My grand-daughter, Maddie, is fascinated by robots. Considering that she’s just over three years old, that’s a good indication, to me at least, of the prevalence of robots in our culture.
The word “robot” was created by a Czech painter in 1920 for his brother to use in a play to describe the machines who did drudge work. It’s a spinoff of the Slovak word for “serf.” Here’s a photo of three robots from that play, Karel Capek’s R.U.R. (Rossum’s Universal Robots), which debuted in 1920:
So from the beginning, robots had to have some resemblance to humans and be capable of movement. There are many robotic machines in use today but few are what we think of as robots. They’re just machines designed for repetitive tasks.
This cute stamped-metal toy from the 1950s is what a robot looked like to kids of my generation, though not all of them carried little red lanterns:
In the movies, one of the most iconic robots was Robby in The Forbidden Planet from 1956:
Robby was created by the prop makers at MGM and appeared in later TV shows and movies under other names. His best feature was the gears moving inside the transparent dome on his head.
The most famous film robot was probably R2D2 from Star Wars:
His buddy, C-3PO, was more of an android, I guess, but here he is:
Television had had many great robots. The Simpsons creator, Matt Groening, had a robot named Bender on a show called Futurama:
Here’s the 1948 comic book cover that Bender was based upon:
My favorite television robots were the wisecracking Crow T. Robot and Tom Servo from Mystery Science Theater 3000; here they are with their creator, Joel:
In comic books, unrestrained by having to be a physical object, robots were everywhere and of all shapes and sizes. A 1941 Action Comic shows Superman smashing a couple of crude robots:
On the early ’50s television show, The Adventures of Superman, there were a couple of robots. You can see they, too, were crude, reflecting the cheap budget of that truly wonderful show. Superman, as portrayed by George Reeves, was much kinder to this robot than his comic-book counterpart had been a few years earlier:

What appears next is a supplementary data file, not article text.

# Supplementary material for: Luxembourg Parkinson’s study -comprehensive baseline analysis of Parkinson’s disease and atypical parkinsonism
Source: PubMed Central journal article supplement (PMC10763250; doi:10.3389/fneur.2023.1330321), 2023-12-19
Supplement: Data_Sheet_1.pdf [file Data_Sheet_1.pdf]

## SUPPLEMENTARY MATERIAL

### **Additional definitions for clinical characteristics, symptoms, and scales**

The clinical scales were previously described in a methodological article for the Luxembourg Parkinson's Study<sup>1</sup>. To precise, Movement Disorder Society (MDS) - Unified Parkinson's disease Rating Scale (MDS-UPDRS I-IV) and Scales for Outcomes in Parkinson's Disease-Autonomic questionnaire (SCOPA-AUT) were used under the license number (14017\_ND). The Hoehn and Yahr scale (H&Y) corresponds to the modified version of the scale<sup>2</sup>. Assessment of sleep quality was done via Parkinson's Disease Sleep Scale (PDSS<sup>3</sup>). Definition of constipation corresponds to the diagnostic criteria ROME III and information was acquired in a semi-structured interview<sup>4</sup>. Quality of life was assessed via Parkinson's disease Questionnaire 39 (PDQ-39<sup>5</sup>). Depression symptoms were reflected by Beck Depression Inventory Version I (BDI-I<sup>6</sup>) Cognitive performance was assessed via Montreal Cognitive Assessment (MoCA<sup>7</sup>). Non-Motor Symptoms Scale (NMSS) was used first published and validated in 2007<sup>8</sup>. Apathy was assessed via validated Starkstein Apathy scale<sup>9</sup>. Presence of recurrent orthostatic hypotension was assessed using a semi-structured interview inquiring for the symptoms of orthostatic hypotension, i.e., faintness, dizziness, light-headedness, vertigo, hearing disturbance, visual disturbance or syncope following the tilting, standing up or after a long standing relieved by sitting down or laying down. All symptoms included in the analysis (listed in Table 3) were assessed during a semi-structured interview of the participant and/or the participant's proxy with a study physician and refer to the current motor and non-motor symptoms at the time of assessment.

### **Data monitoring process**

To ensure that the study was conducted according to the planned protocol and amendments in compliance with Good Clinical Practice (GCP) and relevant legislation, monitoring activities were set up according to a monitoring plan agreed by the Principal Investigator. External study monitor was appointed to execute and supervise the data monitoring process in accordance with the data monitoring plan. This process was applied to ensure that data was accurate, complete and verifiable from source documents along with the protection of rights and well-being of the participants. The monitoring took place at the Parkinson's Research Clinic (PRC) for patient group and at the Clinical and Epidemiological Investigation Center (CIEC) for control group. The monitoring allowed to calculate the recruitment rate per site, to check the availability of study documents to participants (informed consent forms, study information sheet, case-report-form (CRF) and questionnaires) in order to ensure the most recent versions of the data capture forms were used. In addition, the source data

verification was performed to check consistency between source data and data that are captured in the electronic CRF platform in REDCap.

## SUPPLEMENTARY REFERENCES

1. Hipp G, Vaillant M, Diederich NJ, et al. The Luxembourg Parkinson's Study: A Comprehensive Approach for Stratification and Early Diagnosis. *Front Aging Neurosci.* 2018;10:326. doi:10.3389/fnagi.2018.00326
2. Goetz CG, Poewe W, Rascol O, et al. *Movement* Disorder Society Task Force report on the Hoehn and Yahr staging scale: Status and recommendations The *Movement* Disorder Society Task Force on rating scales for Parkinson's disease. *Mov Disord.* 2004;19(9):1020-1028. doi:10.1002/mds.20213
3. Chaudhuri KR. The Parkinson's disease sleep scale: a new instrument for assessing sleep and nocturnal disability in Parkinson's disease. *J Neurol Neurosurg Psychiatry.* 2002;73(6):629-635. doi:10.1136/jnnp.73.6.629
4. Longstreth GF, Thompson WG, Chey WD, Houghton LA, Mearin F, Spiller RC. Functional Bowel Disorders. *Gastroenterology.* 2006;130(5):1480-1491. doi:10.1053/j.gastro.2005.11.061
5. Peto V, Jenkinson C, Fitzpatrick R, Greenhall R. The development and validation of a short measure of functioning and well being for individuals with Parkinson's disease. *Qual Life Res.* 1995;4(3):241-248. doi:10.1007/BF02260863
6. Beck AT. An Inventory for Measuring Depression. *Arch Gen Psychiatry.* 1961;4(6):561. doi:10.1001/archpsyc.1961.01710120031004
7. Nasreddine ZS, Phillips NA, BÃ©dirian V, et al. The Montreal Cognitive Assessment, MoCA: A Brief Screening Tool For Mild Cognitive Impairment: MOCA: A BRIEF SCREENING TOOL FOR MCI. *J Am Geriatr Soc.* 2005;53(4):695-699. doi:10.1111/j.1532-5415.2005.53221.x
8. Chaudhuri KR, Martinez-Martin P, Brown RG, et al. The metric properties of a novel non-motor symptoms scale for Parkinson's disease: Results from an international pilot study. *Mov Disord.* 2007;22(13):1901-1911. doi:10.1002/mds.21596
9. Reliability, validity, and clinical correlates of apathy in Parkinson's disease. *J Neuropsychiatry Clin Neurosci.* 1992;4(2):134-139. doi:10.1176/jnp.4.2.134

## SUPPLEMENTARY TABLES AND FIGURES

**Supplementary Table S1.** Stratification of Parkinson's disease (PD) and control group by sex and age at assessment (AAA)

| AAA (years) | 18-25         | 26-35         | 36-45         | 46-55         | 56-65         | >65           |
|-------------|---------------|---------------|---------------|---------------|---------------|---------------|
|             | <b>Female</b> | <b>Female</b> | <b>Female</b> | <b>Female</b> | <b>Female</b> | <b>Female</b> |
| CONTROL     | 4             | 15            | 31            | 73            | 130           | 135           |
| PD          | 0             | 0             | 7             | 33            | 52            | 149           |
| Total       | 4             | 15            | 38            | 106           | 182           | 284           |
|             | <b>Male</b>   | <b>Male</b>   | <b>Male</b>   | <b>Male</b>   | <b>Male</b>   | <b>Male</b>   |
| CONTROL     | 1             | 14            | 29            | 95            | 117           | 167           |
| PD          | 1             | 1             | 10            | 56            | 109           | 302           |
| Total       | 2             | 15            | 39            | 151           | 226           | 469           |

Side comment: In my opinion, George Reeves’ portrayal of Superman was flat-out the most successful by any actor. We now return to the robots.
In the later 1950s, DC editor Mort Weisinger created a Superman ethos that included a ton of great robots. Superman made an entire platoon of robots to cover for him in emergencies, and, as this Action Comics cover from 1961 shows, he had a few Clark Kent robots, too:
I love the expression on the face of that Clark Kent robot! He is really confounded by his predicament. And how do you like that expository dialog? Weisinger was famous for that and I find it one of the coolest things about the comics he edited; it was so over-the-top. One of his assistants once argued with Weisinger over the editor’s insistence on having a sign over a crook’s secret hideout that said, “Secret Hideout!”
These later Superman comic-book robots looked so much like humans that even close friends of the original subject couldn’t tell they were artificial. These high-end robots often had emotions, and, to my way of thinking, started crossing into what are more properly called androids. An android is a synthetic human being, and folks are busily creating them nowadays!
Here’s one called DER 01, made by the Intelligent Robotics Lab in Japan:
How many robots and androids do you know?